Aggression and cortisol

Table 4 shows individual rates of male aggression (charging displays, chases, and attacks) at Kanyawara in 1998. Across the adult males, mean afternoon cortisol levels were positively and significantly correlated with individual rates of aggression during the high-food season (Kendall correlation: τ=0.53, n=11, P=0.03); in the low-food season this correlation was not significant (τ=0.48, n=9, P=0.07). When individual rates of aggression were calculated for all of 1998, these were positively and significantly correlated with mean male cortisol levels from all afternoon samples in the same year (τ=0.51, P=0.04, n=10).
Table 4

Rates of male aggression during periods of high and low fruit availability. Includes data from adult males for whom at least 25 observation hours were available during each season. (Male BF disappeared part-way through the study, so is represented only during the high-food season.) Data from parties containing fewer than two adult males have been excluded

All 1998

February–May 1998 (high food season)

July–October 1998 (low food season)

ID

Observation hours

Aggression rate

Observation hours

Aggression rate

Observation hours

Aggression rate

MS

183

0.838

51

0.994

65

0.765

AJ

163

0.369

55

0.457

57

0.353

TU

115

0.399

33

0.337

47

0.214

BB

109

0.201

42

0.214

44

0.136

SL

51

0.292

11

*

12

*

LB

183

0.345

89

0.325

43

0.462

BF

33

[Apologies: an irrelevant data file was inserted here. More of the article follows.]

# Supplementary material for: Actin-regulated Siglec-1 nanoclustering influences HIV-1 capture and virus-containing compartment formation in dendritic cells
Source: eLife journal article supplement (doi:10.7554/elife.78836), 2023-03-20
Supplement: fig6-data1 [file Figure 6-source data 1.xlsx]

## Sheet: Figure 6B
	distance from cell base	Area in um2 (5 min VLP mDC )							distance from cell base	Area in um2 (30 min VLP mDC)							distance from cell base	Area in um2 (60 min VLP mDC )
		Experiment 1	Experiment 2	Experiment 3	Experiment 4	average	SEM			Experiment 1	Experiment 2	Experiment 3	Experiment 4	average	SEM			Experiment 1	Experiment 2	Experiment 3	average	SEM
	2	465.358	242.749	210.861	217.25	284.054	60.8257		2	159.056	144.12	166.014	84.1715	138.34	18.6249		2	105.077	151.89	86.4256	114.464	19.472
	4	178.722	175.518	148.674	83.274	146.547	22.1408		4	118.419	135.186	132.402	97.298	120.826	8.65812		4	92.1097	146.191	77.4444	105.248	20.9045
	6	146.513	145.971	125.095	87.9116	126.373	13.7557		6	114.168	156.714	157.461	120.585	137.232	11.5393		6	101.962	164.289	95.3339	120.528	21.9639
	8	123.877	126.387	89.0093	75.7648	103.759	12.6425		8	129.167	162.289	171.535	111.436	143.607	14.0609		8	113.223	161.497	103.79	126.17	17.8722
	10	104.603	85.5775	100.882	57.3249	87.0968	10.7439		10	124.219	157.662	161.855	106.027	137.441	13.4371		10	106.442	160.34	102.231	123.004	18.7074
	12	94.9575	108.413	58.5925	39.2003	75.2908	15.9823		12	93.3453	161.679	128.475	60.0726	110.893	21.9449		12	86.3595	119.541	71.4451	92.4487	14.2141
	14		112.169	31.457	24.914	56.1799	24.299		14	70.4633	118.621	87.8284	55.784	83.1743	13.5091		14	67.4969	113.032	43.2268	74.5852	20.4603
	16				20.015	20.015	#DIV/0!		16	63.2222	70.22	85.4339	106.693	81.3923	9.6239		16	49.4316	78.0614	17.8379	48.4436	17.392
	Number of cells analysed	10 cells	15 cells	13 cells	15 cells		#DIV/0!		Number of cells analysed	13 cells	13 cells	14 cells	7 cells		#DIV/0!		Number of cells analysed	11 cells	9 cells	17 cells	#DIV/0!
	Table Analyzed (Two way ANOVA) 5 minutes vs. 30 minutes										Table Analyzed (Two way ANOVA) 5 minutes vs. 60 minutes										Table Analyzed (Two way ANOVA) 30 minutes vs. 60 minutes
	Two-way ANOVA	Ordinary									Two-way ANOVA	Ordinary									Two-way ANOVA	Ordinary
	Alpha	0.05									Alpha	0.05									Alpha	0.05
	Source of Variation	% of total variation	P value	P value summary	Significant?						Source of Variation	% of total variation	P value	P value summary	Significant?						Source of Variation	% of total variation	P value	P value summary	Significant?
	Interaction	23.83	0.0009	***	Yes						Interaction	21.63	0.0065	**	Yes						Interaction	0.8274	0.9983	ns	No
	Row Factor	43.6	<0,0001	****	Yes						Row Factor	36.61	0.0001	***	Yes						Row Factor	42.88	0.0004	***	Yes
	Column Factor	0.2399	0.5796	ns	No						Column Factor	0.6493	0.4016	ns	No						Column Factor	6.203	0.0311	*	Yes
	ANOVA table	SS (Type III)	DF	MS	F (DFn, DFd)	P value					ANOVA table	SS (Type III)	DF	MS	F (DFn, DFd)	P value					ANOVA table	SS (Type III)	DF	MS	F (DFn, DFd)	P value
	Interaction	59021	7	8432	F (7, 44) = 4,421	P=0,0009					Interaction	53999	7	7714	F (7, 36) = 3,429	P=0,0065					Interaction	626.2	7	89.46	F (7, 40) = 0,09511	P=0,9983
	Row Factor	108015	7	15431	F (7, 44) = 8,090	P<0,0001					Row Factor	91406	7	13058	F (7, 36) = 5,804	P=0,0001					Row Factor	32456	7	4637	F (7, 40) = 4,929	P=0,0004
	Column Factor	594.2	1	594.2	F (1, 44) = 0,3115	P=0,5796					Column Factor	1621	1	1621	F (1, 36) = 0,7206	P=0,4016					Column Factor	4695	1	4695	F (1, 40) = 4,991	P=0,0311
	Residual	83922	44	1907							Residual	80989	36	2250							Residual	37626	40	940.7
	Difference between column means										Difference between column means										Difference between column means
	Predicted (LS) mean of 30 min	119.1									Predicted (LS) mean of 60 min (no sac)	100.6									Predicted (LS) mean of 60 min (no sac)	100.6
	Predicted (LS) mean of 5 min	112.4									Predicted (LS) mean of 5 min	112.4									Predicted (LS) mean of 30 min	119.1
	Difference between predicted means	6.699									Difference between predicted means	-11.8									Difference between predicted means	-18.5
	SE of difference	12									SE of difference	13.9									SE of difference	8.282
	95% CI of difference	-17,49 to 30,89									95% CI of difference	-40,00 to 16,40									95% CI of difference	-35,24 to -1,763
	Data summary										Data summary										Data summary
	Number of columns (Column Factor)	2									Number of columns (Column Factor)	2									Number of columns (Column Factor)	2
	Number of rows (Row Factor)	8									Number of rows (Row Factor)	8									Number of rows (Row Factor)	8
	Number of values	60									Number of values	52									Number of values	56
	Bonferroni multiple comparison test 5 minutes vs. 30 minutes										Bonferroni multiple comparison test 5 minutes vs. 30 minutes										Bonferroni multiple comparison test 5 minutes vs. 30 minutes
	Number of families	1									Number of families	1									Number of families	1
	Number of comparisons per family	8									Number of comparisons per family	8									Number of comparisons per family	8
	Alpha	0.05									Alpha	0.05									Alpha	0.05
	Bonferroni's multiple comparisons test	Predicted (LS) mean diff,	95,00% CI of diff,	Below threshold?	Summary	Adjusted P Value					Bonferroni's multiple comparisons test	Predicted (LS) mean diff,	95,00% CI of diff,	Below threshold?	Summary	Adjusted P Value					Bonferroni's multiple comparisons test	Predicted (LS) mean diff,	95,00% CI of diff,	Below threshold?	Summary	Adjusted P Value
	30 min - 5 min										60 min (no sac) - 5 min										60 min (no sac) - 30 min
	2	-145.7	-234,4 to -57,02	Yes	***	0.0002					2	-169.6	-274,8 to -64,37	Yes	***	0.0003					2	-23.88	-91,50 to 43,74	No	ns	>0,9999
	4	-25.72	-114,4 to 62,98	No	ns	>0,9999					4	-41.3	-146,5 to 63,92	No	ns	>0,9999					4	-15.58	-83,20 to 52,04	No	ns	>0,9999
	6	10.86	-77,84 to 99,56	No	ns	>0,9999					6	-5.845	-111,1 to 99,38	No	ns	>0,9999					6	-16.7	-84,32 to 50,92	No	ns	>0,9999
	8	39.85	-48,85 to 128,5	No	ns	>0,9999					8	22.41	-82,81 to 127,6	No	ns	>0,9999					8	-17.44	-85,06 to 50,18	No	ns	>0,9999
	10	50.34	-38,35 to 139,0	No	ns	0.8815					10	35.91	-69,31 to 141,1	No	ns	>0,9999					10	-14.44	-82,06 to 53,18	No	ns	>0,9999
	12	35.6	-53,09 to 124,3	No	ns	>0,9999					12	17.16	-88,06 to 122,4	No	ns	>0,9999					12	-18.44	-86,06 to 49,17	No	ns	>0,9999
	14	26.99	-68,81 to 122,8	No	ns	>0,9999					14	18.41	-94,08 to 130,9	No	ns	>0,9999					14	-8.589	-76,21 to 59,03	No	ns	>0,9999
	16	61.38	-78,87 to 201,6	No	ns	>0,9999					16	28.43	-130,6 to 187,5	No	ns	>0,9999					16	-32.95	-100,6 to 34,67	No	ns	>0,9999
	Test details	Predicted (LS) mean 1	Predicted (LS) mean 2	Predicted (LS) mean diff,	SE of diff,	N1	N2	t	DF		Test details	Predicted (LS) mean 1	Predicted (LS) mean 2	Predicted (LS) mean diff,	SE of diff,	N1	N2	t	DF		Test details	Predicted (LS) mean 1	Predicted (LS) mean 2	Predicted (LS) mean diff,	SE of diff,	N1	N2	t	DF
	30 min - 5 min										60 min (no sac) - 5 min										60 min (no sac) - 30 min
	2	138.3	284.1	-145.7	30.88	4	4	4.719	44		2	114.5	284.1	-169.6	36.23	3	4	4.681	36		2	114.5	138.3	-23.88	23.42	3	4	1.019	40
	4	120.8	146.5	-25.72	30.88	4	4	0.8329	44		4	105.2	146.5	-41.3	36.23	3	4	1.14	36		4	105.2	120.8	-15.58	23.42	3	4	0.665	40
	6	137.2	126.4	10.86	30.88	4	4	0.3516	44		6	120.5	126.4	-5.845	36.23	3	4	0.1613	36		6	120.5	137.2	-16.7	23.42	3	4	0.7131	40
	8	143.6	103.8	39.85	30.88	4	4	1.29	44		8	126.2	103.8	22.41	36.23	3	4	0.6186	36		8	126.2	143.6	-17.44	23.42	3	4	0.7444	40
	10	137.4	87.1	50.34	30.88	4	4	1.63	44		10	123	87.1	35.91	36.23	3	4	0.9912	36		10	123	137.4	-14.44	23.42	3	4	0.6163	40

*

25

0.203

2

*

ST

145

0.055

54

0.000

60

0.083

SY

119

0.093

62

0.065

37

0.191

YB

162

0.173

64

0.156

50

0.142

LK

167

0.167

79

0.164

44

0.114

Mean morning cortisol levels, on the other hand, were not significantly correlated with rates of aggression during the low-food season (τ=0.11, n=9, P=0.68) or the high-food season (τ=0.2, n=11, P=0.48). When individual rates of aggression were calculated for all of 1998, these were not significantly correlated with mean male cortisol levels from all morning samples in the same year (τ=0.42, P=0.09, n=10).

Discussion

The relationship between urinary cortisol excretion and dominance rank in chimpanzee males differed by time of day. For morning samples, the correlation was weak and statistically insignificant, whereas for afternoon samples, the correlation was positive and significant. Stronger correlations of behavioral measures with evening than with morning steroid levels appear to be widespread in chimpanzees and humans, in part because morning levels reflect physiology during sleep, whereas evening levels reflect waking activity patterns and the cumulative outcomes of diurnal social interactions (e.g. Worthman and Konner 1987; Berg and Wynne-Edwards 2001; Book et al. 2001; Muller and Wrangham 2003).

Because of the lag time between steroid production and excretion, urinary cortisol levels in chimpanzees reflect endocrine status several hours (2–4) prior to sampling (Whitten et al. 1998; Bahr et al. 2000). Morning levels are thus expected to reflect overnight glucose mobilization. It is therefore not surprising that our proxy measure of energy availability (% feeding observations containing fruit) correlated negatively with cortisol levels in morning samples. Foley et al. (2001) reported a similar negative association between rainfall (a proxy for food availability) and fecal cortisol concentrations in African elephants.